The number of reported software flaws took off in 2017 and is on track for a record-breaking year, according to two organizations that track vulnerability disclosures.
The National Vulnerability Database, managed by the U.S. National Institute of Standards and Technology, has documented more than 13,400 vulnerabilities so far this year, more than double the database logged in all of 2016.
Meanwhile, security-information firm Risk Based Security documented more than 18,700 vulnerabilities in 2017, an increase of more than a third compared to the same period in the previous year. Part of the increase is likely due to the fact that both the National Vulnerability Database and companies, such as Risk Based Security, are including a greater number of vulnerabilities in their datasets.
Yet, two other factors—a greater number of researchers focusing on vulnerabilities and a greater number of applications in which to find vulnerabilities are likely driving the trend as well, Jake Kouns, RBS’s chief information security officer, told eWEEK.
“There is no single answer, but we continue to get better at finding vulnerabilities,” he said. “We are looking deeper, so we are finding more, but we are also creating more software (in which) to find issues.”
While RBS has continued to find and collect a greater number of vulnerability reports each year, compared to previous years, the National Vulnerability Database’s volume of documented reports has remained quite consistent, logging between 4,000 and 6,500 vulnerabilities every year since 2005, with one notable exception. In 2014, the organization collected nearly 8,000 software-flaw reports.
Yet, with 2017 reports already exceeding 14,000, this year will stand out.
The year will also be a record-setter for VulnDB, RBS’s vulnerability database. The company’s collection of software flaws has grown every year, and includes more vulnerability reports than the U.S. government database on an annual basis. Just as the Dow hit 20,000 earlier this year, the number of vulnerabilities documented by RBS will likely hit that mark as well.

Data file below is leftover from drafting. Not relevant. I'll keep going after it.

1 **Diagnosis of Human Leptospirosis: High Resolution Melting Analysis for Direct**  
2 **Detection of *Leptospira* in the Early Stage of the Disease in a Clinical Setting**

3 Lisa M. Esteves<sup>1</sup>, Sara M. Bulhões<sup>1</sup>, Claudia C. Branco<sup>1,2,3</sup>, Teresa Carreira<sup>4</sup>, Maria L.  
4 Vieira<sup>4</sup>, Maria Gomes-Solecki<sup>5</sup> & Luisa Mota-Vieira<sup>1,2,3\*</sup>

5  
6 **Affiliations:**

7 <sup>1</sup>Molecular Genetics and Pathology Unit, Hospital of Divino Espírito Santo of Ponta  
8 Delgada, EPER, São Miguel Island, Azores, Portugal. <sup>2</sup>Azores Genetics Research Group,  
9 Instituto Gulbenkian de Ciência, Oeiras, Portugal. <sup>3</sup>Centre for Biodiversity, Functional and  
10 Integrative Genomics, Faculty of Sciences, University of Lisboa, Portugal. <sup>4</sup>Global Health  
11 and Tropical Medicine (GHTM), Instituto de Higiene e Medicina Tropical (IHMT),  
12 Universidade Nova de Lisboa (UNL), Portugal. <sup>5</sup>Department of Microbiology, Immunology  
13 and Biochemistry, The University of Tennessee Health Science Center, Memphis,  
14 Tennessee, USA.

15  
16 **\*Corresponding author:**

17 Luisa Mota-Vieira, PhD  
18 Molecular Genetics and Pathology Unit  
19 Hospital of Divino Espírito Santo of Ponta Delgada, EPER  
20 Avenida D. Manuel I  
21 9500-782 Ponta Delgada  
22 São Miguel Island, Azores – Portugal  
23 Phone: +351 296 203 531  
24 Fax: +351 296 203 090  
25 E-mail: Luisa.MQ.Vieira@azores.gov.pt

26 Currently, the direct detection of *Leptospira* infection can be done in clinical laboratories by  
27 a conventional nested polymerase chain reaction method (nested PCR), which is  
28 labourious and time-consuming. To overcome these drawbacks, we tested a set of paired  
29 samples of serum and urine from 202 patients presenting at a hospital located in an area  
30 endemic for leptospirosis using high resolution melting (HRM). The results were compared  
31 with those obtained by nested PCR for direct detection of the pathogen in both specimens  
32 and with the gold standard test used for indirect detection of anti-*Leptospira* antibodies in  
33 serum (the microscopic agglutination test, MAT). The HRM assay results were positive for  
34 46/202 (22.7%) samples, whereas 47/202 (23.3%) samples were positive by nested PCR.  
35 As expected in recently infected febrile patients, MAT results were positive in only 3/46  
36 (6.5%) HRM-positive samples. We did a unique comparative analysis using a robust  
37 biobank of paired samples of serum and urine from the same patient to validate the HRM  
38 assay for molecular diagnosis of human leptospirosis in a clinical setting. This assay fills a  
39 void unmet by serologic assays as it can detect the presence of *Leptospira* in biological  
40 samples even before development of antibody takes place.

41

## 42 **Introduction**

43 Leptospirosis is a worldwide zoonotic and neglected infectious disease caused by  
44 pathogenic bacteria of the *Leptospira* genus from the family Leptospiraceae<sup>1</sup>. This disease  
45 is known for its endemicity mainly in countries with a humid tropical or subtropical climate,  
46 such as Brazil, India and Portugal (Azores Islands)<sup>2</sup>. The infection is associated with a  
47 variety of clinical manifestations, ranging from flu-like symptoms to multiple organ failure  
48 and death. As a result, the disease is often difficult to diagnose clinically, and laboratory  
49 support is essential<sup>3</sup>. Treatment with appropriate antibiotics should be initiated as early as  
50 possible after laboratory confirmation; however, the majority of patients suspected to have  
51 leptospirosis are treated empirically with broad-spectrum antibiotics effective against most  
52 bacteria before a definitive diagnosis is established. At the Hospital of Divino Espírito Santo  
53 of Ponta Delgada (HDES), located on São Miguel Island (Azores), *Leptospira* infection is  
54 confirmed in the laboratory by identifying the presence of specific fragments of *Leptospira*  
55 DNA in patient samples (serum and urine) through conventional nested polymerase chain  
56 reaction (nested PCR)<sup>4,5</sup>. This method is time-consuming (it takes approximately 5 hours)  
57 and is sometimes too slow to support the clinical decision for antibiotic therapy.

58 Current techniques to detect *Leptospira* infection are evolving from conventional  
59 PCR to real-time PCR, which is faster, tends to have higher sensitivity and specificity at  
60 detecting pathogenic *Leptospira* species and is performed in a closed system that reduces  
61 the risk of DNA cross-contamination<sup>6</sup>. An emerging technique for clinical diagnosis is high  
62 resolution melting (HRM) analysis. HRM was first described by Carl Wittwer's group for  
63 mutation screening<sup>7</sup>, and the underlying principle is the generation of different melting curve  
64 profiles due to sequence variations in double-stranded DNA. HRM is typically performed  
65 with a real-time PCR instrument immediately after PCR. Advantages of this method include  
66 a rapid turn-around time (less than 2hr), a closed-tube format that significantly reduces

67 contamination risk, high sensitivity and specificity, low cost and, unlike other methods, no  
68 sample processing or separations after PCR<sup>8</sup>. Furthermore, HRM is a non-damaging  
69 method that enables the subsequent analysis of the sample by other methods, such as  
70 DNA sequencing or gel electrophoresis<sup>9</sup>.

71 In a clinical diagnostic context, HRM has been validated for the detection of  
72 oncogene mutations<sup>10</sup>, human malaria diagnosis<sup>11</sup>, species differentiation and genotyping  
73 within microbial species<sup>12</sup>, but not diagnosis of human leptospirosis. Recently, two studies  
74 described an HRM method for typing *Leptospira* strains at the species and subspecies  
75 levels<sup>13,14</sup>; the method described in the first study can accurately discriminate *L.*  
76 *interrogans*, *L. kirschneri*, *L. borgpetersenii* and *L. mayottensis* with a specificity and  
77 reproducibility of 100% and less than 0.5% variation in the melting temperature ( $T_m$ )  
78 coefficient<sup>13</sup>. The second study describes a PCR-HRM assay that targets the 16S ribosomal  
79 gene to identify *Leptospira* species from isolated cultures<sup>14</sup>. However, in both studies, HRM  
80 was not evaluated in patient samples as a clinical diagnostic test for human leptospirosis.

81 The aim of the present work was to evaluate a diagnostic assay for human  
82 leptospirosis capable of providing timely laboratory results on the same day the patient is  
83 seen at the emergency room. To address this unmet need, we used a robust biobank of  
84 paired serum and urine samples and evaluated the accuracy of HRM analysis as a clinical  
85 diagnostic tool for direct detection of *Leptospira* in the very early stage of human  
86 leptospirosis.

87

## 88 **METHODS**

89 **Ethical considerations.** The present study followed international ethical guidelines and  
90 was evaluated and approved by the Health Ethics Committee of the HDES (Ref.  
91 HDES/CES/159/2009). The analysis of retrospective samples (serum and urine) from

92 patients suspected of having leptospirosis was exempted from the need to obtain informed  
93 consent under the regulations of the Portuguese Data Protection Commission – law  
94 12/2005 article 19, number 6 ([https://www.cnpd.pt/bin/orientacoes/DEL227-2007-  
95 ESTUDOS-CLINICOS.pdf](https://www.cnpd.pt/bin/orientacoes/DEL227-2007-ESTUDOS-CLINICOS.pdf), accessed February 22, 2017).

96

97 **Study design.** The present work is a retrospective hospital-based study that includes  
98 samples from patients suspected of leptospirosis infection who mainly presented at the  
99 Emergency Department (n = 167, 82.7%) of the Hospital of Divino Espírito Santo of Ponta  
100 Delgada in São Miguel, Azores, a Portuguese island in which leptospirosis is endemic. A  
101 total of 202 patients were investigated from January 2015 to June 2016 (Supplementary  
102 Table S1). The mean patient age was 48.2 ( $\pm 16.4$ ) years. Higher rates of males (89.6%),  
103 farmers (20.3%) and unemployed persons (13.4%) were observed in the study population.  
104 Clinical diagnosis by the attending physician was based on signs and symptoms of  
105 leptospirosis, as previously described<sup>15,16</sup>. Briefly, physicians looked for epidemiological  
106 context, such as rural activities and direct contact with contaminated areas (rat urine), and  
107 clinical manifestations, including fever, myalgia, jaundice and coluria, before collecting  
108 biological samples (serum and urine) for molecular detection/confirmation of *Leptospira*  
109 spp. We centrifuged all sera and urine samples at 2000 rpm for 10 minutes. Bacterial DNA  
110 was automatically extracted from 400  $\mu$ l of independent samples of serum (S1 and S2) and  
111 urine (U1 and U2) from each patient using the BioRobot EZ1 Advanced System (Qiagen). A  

About 32 percent of vulnerabilities had a public exploit. In addition, 6.1 percent of vulnerabilities found in 2016 and 2017 were coordinated through vendor or third-party bug bounty programs.
While the greater number of vulnerabilities does not necessarily mean that software users are at greater risk, most major developers are on track to see a rise in the number of vulnerabilities reported in their software in 2017. In addition, there is a slightly greater percentage of severe vulnerabilities—those scoring 7.0 or higher in 2017 on the widely used, if flawed, Common Vulnerability Scoring System—compared to 2016.
The ballooning collection of security flaws underscores that users—or their IT administrators—need to keep their systems up to date. Yet, only 76 percent of vulnerabilities uncovered in the first nine months of 2017 have a patch, upgrade or other fix. While security products can help defend systems against attacks, they are not foolproof either since about 5 percent of vulnerabilities reported this year were in security products.